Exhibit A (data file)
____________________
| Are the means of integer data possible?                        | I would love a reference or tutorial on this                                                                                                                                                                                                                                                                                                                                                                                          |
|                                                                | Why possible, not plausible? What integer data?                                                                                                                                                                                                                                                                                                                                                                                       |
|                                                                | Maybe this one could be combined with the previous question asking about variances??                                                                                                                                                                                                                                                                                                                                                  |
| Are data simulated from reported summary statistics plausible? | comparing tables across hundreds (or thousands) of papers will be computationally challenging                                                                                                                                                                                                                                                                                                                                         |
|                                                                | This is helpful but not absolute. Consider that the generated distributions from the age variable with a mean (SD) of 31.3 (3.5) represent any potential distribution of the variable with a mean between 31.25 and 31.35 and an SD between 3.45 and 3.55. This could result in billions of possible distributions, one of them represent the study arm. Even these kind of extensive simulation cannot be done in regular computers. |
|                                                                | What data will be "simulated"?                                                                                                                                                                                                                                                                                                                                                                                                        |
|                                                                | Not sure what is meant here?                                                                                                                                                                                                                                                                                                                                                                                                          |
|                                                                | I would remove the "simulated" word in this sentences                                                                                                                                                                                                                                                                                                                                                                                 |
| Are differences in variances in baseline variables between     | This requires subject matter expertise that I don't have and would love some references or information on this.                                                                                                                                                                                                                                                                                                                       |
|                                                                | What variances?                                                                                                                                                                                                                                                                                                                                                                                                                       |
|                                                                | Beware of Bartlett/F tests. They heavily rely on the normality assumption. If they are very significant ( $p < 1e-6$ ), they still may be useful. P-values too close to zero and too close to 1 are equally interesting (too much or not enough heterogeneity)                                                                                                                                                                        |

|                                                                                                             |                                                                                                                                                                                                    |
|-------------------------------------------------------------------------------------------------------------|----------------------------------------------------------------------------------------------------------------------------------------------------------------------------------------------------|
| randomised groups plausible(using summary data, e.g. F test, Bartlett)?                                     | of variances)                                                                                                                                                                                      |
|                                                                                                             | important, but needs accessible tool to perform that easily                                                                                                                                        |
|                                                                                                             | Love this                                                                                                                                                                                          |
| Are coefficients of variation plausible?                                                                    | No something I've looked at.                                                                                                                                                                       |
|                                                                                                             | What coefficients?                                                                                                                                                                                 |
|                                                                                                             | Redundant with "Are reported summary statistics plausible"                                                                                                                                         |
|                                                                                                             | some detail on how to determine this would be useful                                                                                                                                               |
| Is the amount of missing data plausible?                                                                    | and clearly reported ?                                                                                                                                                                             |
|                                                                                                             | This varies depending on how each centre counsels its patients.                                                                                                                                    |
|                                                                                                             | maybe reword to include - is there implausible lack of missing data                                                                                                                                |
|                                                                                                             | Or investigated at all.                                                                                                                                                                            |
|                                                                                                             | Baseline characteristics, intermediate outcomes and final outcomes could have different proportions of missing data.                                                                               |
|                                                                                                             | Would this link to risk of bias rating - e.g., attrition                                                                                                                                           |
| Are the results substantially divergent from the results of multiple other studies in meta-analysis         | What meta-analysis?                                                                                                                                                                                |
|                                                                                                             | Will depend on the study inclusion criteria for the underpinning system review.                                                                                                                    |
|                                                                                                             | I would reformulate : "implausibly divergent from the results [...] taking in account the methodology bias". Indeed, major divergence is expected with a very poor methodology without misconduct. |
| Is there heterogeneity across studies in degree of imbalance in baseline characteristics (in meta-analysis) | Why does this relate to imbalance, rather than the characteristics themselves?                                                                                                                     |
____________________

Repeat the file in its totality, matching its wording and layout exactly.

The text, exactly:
| Are the means of integer data possible?                        | I would love a reference or tutorial on this                                                                                                                                                                                                                                                                                                                                                                                          |
|                                                                | Why possible, not plausible? What integer data?                                                                                                                                                                                                                                                                                                                                                                                       |
|                                                                | Maybe this one could be combined with the previous question asking about variances??                                                                                                                                                                                                                                                                                                                                                  |
| Are data simulated from reported summary statistics plausible? | comparing tables across hundreds (or thousands) of papers will be computationally challenging                                                                                                                                                                                                                                                                                                                                         |
|                                                                | This is helpful but not absolute. Consider that the generated distributions from the age variable with a mean (SD) of 31.3 (3.5) represent any potential distribution of the variable with a mean between 31.25 and 31.35 and an SD between 3.45 and 3.55. This could result in billions of possible distributions, one of them represent the study arm. Even these kind of extensive simulation cannot be done in regular computers. |
|                                                                | What data will be "simulated"?                                                                                                                                                                                                                                                                                                                                                                                                        |
|                                                                | Not sure what is meant here?                                                                                                                                                                                                                                                                                                                                                                                                          |
|                                                                | I would remove the "simulated" word in this sentences                                                                                                                                                                                                                                                                                                                                                                                 |
| Are differences in variances in baseline variables between     | This requires subject matter expertise that I don't have and would love some references or information on this.                                                                                                                                                                                                                                                                                                                       |
|                                                                | What variances?                                                                                                                                                                                                                                                                                                                                                                                                                       |
|                                                                | Beware of Bartlett/F tests. They heavily rely on the normality assumption. If they are very significant ( $p < 1e-6$ ), they still may be useful. P-values too close to zero and too close to 1 are equally interesting (too much or not enough heterogeneity)                                                                                                                                                                        |

|                                                                                                             |                                                                                                                                                                                                    |
|-------------------------------------------------------------------------------------------------------------|----------------------------------------------------------------------------------------------------------------------------------------------------------------------------------------------------|
| randomised groups plausible(using summary data, e.g. F test, Bartlett)?                                     | of variances)                                                                                                                                                                                      |
|                                                                                                             | important, but needs accessible tool to perform that easily                                                                                                                                        |
|                                                                                                             | Love this                                                                                                                                                                                          |
| Are coefficients of variation plausible?                                                                    | No something I've looked at.                                                                                                                                                                       |
|                                                                                                             | What coefficients?                                                                                                                                                                                 |
|                                                                                                             | Redundant with "Are reported summary statistics plausible"                                                                                                                                         |
|                                                                                                             | some detail on how to determine this would be useful                                                                                                                                               |
| Is the amount of missing data plausible?                                                                    | and clearly reported ?                                                                                                                                                                             |
|                                                                                                             | This varies depending on how each centre counsels its patients.                                                                                                                                    |
|                                                                                                             | maybe reword to include - is there implausible lack of missing data                                                                                                                                |
|                                                                                                             | Or investigated at all.                                                                                                                                                                            |
|                                                                                                             | Baseline characteristics, intermediate outcomes and final outcomes could have different proportions of missing data.                                                                               |
|                                                                                                             | Would this link to risk of bias rating - e.g., attrition                                                                                                                                           |
| Are the results substantially divergent from the results of multiple other studies in meta-analysis         | What meta-analysis?                                                                                                                                                                                |
|                                                                                                             | Will depend on the study inclusion criteria for the underpinning system review.                                                                                                                    |
|                                                                                                             | I would reformulate : "implausibly divergent from the results [...] taking in account the methodology bias". Indeed, major divergence is expected with a very poor methodology without misconduct. |
| Is there heterogeneity across studies in degree of imbalance in baseline characteristics (in meta-analysis) | Why does this relate to imbalance, rather than the characteristics themselves?                                                                                                                     |